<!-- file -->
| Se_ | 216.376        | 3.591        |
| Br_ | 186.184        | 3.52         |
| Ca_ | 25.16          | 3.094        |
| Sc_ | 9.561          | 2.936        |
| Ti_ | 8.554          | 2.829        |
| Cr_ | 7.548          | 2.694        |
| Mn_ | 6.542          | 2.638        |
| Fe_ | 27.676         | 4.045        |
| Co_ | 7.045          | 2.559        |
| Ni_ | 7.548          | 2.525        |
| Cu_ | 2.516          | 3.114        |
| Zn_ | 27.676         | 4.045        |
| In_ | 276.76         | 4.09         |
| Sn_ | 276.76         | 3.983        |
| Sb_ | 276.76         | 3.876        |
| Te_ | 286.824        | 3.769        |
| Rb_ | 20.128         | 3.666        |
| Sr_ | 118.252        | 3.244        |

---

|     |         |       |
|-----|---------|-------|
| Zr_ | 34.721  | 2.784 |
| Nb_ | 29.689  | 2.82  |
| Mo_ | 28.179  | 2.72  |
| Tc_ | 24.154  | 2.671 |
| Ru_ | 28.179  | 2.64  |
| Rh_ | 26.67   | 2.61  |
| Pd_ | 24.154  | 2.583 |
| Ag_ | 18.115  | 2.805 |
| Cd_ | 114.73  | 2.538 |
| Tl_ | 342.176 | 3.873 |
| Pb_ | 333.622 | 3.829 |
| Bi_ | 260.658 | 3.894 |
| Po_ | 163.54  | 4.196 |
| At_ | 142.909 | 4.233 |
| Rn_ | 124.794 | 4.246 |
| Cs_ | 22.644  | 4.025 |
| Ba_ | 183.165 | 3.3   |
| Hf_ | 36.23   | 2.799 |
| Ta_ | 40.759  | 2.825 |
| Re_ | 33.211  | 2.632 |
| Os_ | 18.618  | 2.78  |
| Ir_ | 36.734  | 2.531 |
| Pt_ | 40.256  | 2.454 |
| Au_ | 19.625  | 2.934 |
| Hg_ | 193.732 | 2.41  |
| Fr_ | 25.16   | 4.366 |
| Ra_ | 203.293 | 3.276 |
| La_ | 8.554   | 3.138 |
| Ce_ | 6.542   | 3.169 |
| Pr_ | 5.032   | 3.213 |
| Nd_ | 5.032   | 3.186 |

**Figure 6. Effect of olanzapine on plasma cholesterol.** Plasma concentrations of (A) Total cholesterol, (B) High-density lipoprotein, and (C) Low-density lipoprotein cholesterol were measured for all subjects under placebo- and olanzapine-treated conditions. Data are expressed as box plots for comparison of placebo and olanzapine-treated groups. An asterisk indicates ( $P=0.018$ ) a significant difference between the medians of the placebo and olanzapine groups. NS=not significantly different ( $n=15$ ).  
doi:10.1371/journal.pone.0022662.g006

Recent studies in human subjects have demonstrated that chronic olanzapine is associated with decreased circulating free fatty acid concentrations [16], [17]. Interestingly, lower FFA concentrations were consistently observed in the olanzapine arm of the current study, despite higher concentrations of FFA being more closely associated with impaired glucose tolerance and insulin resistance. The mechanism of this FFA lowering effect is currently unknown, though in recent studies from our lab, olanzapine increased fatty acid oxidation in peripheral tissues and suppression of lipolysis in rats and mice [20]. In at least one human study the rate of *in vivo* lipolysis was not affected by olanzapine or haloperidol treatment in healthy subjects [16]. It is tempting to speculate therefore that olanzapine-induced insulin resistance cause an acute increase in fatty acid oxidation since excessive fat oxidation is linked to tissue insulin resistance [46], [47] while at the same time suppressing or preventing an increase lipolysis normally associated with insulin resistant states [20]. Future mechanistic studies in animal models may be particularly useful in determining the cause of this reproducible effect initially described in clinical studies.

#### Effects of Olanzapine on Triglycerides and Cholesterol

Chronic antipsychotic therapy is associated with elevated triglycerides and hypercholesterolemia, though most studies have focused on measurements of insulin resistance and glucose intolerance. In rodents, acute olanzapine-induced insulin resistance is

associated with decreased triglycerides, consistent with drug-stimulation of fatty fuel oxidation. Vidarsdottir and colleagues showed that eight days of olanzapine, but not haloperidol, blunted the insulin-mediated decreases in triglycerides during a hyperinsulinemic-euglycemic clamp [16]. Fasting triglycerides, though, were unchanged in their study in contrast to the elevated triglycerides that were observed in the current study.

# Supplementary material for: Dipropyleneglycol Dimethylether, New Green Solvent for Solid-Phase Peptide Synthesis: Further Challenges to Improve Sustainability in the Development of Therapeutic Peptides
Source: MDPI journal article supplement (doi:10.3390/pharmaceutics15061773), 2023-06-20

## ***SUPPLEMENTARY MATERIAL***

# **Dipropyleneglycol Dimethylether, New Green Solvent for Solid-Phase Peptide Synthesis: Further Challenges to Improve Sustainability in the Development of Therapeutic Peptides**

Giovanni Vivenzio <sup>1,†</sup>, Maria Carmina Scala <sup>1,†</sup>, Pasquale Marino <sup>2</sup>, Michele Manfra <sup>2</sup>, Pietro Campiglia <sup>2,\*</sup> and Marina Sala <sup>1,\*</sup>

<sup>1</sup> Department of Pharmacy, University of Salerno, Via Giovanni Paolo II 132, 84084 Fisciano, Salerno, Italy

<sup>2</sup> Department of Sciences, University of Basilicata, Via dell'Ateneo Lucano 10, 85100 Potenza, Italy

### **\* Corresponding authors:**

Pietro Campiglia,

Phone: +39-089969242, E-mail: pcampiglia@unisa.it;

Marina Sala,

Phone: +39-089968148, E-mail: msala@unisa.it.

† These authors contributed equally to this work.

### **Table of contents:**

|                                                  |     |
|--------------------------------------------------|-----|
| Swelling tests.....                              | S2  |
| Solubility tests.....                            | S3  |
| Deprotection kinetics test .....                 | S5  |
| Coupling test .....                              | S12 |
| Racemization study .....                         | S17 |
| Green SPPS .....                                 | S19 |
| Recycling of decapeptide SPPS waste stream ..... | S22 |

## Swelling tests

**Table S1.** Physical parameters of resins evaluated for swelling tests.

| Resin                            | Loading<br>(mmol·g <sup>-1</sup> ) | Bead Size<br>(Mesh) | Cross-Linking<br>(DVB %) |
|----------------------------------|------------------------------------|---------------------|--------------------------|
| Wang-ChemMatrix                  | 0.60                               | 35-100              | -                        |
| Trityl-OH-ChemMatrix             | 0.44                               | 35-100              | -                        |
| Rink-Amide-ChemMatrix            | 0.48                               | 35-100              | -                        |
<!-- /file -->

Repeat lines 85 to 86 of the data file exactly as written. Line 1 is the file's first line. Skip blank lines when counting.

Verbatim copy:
|----------------------------------|------------------------------------|---------------------|--------------------------|
| Wang-ChemMatrix                  | 0.60                               | 35-100              | -                        |